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Are people spending less time looking at online porn?

24 May

Some interesting news out of the United Kingdom last week shows that Brits (or is it Britons?) are apparently spending less and less time looking at porn online. According to the United Kingdom Online Measurement Company (UKOM), adult sites are taking up only 2.7 per cent of users’ internet time, which ranks porn at number 10, down from the ninth spot three years ago.

Porn was overtaken in this survey by news, which takes up 2.8 per cent of users’ online time. Social networking, of course, is first. Here’s the full top 10:

1. Social networks/blogs – 22.7%
2. Email – 7.2%
3. Games – 6.9%
4. Instant Messaging – 4.9%
5. Classified/Auctions – 4.7%
6. Portals – 4%
7. Search – 4%
8. Software info/products – 3.4%
9. News – 2.8%
10. Adult – 2.7%

The decline of porn as a percentage of users’ time online has been noted before. A fellow by the name of Bill Tancer, a general manager at online tracking firm Hitwise, in 2008 wrote a book called Click: What Millions of People are Doing Online and Why It Matters. He found that porn’s importance online has been shrinking for more than a decade, dropping to about 10 per cent of searches now from 20 per cent.

“As social networking traffic has increased, visits to porn sites have decreased,” he told Reuters. “My theory is that young users spend so much time on social networks that they don’t have time to look at adult sites.”

That reasoning doesn’t seem too sound. The actual reason for why porn is accounting for less and less online time seems pretty clear to me. As with many other technologies, early adopters took to the internet for sexual uses before the mainstream caught on. Porn, therefore, made up a large and disproportionate percentage of the internet’s overall use in its early days.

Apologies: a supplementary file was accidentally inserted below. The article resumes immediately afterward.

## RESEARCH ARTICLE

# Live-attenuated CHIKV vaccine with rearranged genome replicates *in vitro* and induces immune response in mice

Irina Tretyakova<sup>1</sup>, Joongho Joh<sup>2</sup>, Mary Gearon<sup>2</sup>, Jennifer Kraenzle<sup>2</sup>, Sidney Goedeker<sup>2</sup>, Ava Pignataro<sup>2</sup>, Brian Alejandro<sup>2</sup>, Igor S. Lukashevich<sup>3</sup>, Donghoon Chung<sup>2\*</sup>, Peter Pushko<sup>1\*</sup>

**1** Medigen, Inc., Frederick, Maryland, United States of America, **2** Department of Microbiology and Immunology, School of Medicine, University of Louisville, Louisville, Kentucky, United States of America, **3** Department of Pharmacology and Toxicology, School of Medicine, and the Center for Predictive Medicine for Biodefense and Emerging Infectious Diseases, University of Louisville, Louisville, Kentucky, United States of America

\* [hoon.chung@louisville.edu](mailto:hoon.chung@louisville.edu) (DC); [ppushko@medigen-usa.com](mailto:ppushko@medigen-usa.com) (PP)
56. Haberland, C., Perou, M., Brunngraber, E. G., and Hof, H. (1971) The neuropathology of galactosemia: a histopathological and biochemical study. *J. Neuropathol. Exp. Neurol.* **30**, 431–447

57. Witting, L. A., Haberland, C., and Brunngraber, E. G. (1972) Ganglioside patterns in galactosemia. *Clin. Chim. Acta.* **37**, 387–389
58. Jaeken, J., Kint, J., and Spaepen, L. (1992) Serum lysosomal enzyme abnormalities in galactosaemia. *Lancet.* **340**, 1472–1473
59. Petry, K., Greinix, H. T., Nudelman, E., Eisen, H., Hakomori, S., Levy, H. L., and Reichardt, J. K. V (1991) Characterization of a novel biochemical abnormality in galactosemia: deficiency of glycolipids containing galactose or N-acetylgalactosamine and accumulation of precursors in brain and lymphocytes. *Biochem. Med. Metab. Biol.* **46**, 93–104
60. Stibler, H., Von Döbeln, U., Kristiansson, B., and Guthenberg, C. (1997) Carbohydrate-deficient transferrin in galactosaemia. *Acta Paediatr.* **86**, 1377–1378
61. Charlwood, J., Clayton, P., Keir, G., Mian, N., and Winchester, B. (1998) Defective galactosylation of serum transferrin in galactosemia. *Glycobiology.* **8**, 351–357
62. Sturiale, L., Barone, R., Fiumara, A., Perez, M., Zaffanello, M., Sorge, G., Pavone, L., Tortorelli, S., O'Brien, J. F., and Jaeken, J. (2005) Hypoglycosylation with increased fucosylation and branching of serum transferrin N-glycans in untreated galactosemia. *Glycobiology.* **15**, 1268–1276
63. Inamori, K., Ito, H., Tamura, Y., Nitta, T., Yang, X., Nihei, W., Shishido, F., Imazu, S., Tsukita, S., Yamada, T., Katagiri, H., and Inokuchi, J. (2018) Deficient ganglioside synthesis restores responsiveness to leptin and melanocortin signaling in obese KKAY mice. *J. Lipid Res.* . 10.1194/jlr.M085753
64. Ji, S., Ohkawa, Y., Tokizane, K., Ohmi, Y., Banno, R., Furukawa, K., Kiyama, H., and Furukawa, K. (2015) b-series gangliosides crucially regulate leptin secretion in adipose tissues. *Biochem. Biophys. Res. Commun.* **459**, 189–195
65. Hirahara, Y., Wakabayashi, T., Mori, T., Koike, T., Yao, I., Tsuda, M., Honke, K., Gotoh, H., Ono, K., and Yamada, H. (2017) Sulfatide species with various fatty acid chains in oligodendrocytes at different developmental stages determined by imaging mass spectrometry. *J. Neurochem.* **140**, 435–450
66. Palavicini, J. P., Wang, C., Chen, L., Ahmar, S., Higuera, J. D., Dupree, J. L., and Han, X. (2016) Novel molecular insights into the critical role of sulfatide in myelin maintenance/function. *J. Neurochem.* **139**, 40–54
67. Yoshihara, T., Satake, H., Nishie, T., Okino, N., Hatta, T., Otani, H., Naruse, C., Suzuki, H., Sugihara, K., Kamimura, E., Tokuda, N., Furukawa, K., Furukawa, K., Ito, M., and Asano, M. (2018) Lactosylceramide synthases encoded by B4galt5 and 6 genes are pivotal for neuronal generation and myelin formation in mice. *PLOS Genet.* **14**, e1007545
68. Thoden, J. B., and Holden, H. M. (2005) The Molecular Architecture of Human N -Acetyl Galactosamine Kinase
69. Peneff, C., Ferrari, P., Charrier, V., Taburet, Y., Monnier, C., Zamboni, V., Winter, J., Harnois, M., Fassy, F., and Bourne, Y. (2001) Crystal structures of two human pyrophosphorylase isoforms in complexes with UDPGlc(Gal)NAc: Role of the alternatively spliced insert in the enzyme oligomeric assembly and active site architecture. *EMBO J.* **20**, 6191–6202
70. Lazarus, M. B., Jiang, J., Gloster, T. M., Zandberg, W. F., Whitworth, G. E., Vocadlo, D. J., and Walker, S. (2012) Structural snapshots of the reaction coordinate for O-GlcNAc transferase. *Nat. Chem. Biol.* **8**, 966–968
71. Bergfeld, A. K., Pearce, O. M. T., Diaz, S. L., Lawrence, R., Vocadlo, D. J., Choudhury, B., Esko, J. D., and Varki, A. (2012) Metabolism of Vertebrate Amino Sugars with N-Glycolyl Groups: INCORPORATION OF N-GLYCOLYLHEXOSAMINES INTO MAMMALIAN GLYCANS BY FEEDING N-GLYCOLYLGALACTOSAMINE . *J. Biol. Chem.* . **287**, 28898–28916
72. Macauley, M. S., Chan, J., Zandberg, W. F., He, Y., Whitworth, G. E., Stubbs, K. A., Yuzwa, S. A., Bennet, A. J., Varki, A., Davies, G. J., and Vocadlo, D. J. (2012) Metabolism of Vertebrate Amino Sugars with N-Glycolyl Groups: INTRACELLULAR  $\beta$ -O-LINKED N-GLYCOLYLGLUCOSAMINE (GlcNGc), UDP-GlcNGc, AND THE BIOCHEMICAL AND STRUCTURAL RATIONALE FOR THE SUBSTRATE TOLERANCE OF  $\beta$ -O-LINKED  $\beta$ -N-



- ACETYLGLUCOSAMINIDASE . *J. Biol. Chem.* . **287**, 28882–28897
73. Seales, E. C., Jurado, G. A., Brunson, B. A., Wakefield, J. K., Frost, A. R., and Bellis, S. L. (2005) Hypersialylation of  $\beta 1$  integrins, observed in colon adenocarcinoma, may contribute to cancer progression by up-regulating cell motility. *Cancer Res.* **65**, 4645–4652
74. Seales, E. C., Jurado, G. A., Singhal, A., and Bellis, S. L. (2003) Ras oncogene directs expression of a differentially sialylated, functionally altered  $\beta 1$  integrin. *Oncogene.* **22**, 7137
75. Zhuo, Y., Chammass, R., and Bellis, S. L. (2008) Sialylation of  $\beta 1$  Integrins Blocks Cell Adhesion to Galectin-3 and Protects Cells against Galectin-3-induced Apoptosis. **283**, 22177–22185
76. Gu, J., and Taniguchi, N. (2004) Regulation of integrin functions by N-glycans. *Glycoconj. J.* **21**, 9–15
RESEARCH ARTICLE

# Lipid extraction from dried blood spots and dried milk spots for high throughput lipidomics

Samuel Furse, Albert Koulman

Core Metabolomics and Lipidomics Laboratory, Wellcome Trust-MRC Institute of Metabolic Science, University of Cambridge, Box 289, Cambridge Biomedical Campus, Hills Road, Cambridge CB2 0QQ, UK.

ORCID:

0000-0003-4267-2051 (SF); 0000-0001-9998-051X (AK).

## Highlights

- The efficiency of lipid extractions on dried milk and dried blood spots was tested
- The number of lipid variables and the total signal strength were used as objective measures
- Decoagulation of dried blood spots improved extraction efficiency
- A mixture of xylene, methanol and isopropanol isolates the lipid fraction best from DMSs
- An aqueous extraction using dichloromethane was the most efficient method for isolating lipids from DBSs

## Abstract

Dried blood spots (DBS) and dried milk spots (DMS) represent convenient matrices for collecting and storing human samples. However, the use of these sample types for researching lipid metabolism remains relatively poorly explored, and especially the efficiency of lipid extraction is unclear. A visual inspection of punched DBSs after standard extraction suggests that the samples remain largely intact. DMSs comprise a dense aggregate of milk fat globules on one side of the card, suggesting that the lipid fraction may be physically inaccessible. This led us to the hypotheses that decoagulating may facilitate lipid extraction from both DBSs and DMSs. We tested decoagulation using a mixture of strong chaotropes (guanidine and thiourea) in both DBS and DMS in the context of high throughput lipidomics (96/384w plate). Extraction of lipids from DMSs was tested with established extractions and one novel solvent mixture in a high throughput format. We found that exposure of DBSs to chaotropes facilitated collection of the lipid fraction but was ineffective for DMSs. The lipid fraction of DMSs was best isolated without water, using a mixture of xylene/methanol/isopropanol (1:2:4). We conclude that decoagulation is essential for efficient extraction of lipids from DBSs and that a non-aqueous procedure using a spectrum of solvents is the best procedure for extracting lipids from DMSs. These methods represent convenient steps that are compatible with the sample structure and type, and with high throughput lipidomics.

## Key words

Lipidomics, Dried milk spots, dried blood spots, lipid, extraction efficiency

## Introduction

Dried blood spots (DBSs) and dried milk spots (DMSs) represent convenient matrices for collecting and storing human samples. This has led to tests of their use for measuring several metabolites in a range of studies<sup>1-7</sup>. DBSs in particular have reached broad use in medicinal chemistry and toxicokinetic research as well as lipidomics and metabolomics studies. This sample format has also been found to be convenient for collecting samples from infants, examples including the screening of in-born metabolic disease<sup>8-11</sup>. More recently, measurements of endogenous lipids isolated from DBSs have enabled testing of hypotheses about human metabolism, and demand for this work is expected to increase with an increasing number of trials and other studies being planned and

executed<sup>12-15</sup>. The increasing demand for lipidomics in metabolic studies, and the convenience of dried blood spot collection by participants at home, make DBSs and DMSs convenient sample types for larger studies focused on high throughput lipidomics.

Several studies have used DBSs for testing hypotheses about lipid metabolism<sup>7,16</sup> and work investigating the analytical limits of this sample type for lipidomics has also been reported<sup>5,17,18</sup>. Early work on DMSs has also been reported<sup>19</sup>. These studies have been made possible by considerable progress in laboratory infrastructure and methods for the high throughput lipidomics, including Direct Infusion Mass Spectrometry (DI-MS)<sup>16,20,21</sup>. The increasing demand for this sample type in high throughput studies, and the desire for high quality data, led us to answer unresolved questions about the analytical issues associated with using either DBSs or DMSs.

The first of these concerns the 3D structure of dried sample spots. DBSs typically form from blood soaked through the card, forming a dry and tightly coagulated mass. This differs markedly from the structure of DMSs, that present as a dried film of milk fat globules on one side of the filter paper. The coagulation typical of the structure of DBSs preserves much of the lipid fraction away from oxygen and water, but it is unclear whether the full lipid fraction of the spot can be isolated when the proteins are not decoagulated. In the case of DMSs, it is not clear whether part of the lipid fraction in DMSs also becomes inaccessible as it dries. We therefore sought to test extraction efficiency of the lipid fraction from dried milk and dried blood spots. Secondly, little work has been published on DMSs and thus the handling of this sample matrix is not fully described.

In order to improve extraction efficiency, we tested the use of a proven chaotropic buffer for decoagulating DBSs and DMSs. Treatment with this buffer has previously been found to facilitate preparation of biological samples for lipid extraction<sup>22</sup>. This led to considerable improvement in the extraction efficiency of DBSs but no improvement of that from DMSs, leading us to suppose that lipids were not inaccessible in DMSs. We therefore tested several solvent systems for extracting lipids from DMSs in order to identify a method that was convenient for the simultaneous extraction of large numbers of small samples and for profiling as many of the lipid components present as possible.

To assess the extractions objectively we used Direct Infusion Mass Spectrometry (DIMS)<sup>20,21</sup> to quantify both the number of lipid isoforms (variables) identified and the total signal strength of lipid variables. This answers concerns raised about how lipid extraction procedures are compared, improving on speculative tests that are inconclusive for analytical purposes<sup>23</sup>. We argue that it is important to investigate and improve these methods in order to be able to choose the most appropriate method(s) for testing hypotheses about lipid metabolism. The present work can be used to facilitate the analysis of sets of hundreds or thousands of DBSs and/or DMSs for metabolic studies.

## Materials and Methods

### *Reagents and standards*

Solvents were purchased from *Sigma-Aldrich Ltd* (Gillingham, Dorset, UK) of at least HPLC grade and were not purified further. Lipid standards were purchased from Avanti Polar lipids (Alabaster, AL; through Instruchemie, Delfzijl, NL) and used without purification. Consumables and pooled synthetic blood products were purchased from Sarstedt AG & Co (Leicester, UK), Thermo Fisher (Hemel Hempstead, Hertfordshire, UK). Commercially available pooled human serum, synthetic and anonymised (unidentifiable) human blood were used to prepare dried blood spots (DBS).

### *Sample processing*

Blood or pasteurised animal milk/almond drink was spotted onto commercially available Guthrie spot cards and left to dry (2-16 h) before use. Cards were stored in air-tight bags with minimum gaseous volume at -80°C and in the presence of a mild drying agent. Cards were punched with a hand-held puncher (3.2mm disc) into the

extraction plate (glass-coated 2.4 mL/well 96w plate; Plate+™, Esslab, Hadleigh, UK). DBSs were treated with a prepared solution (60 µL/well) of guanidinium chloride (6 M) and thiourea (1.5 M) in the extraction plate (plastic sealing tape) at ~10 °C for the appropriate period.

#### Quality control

As usage grew to where the internet has become fully part of the mainstream, where even children and grannies are using it, it’s no surprise that porn’s size and influence has waned. It’s been the same with virtually every other technology adopted for sexual uses. The VCR, for one, is a fine example – if you look back at video rental and purchase lists in the early 1980s, pornos such as Debbie Does Dallas and Behind the Green Door were routinely in the top 10. You certainly wouldn’t find any such movies on any lists today.

It’s therefore somewhat incorrect to say that people are spending less time looking at adult content online – indeed, it seems counter-intuitive given how much of it is freely available. It would be more correct to say that mainstream internet usage has grown at a much faster pace than adult-oriented uses.

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Posted by on May 24, 2010 in Facebook, internet, online, sex

 

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